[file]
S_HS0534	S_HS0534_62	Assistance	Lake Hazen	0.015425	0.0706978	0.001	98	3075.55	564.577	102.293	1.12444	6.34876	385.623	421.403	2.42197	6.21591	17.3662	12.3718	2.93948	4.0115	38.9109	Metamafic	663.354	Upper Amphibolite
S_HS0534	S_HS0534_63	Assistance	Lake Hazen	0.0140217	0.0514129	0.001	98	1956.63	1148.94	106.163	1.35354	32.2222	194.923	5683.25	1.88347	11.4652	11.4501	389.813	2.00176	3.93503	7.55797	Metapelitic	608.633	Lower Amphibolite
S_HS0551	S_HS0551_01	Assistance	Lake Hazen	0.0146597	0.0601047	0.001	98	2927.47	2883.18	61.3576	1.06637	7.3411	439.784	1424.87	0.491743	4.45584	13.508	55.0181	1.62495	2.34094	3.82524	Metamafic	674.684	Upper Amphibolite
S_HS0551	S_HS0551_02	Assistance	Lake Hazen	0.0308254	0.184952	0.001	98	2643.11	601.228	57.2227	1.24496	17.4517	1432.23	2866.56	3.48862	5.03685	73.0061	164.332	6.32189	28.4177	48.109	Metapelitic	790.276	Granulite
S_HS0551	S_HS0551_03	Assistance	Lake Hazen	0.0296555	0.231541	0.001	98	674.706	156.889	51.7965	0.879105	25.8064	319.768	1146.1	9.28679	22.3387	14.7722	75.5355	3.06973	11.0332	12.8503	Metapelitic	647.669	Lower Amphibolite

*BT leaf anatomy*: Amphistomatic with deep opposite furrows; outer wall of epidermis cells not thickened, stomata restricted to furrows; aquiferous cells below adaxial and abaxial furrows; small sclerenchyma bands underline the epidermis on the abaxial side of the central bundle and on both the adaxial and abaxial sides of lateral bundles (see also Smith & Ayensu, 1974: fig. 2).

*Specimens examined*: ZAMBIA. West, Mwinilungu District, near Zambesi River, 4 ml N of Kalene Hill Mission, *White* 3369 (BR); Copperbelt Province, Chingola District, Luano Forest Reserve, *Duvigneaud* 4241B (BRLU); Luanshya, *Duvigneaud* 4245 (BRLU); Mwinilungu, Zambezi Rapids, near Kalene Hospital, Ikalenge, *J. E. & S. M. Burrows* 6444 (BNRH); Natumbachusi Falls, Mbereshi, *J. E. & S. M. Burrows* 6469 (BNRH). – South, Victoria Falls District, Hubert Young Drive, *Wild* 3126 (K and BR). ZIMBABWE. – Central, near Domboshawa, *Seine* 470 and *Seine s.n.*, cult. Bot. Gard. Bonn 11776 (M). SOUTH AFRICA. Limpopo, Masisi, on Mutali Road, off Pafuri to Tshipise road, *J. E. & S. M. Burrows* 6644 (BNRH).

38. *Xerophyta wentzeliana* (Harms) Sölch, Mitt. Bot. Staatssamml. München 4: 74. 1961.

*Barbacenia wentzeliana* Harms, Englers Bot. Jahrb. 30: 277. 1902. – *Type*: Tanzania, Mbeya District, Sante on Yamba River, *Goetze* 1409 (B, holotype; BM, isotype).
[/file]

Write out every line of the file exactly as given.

S_HS0534	S_HS0534_62	Assistance	Lake Hazen	0.015425	0.0706978	0.001	98	3075.55	564.577	102.293	1.12444	6.34876	385.623	421.403	2.42197	6.21591	17.3662	12.3718	2.93948	4.0115	38.9109	Metamafic	663.354	Upper Amphibolite
S_HS0534	S_HS0534_63	Assistance	Lake Hazen	0.0140217	0.0514129	0.001	98	1956.63	1148.94	106.163	1.35354	32.2222	194.923	5683.25	1.88347	11.4652	11.4501	389.813	2.00176	3.93503	7.55797	Metapelitic	608.633	Lower Amphibolite
S_HS0551	S_HS0551_01	Assistance	Lake Hazen	0.0146597	0.0601047	0.001	98	2927.47	2883.18	61.3576	1.06637	7.3411	439.784	1424.87	0.491743	4.45584	13.508	55.0181	1.62495	2.34094	3.82524	Metamafic	674.684	Upper Amphibolite
S_HS0551	S_HS0551_02	Assistance	Lake Hazen	0.0308254	0.184952	0.001	98	2643.11	601.228	57.2227	1.24496	17.4517	1432.23	2866.56	3.48862	5.03685	73.0061	164.332	6.32189	28.4177	48.109	Metapelitic	790.276	Granulite
S_HS0551	S_HS0551_03	Assistance	Lake Hazen	0.0296555	0.231541	0.001	98	674.706	156.889	51.7965	0.879105	25.8064	319.768	1146.1	9.28679	22.3387	14.7722	75.5355	3.06973	11.0332	12.8503	Metapelitic	647.669	Lower Amphibolite

*BT leaf anatomy*: Amphistomatic with deep opposite furrows; outer wall of epidermis cells not thickened, stomata restricted to furrows; aquiferous cells below adaxial and abaxial furrows; small sclerenchyma bands underline the epidermis on the abaxial side of the central bundle and on both the adaxial and abaxial sides of lateral bundles (see also Smith & Ayensu, 1974: fig. 2).

*Specimens examined*: ZAMBIA. West, Mwinilungu District, near Zambesi River, 4 ml N of Kalene Hill Mission, *White* 3369 (BR); Copperbelt Province, Chingola District, Luano Forest Reserve, *Duvigneaud* 4241B (BRLU); Luanshya, *Duvigneaud* 4245 (BRLU); Mwinilungu, Zambezi Rapids, near Kalene Hospital, Ikalenge, *J. E. & S. M. Burrows* 6444 (BNRH); Natumbachusi Falls, Mbereshi, *J. E. & S. M. Burrows* 6469 (BNRH). – South, Victoria Falls District, Hubert Young Drive, *Wild* 3126 (K and BR). ZIMBABWE. – Central, near Domboshawa, *Seine* 470 and *Seine s.n.*, cult. Bot. Gard. Bonn 11776 (M). SOUTH AFRICA. Limpopo, Masisi, on Mutali Road, off Pafuri to Tshipise road, *J. E. & S. M. Burrows* 6644 (BNRH).

38. *Xerophyta wentzeliana* (Harms) Sölch, Mitt. Bot. Staatssamml. München 4: 74. 1961.

*Barbacenia wentzeliana* Harms, Englers Bot. Jahrb. 30: 277. 1902. – *Type*: Tanzania, Mbeya District, Sante on Yamba River, *Goetze* 1409 (B, holotype; BM, isotype).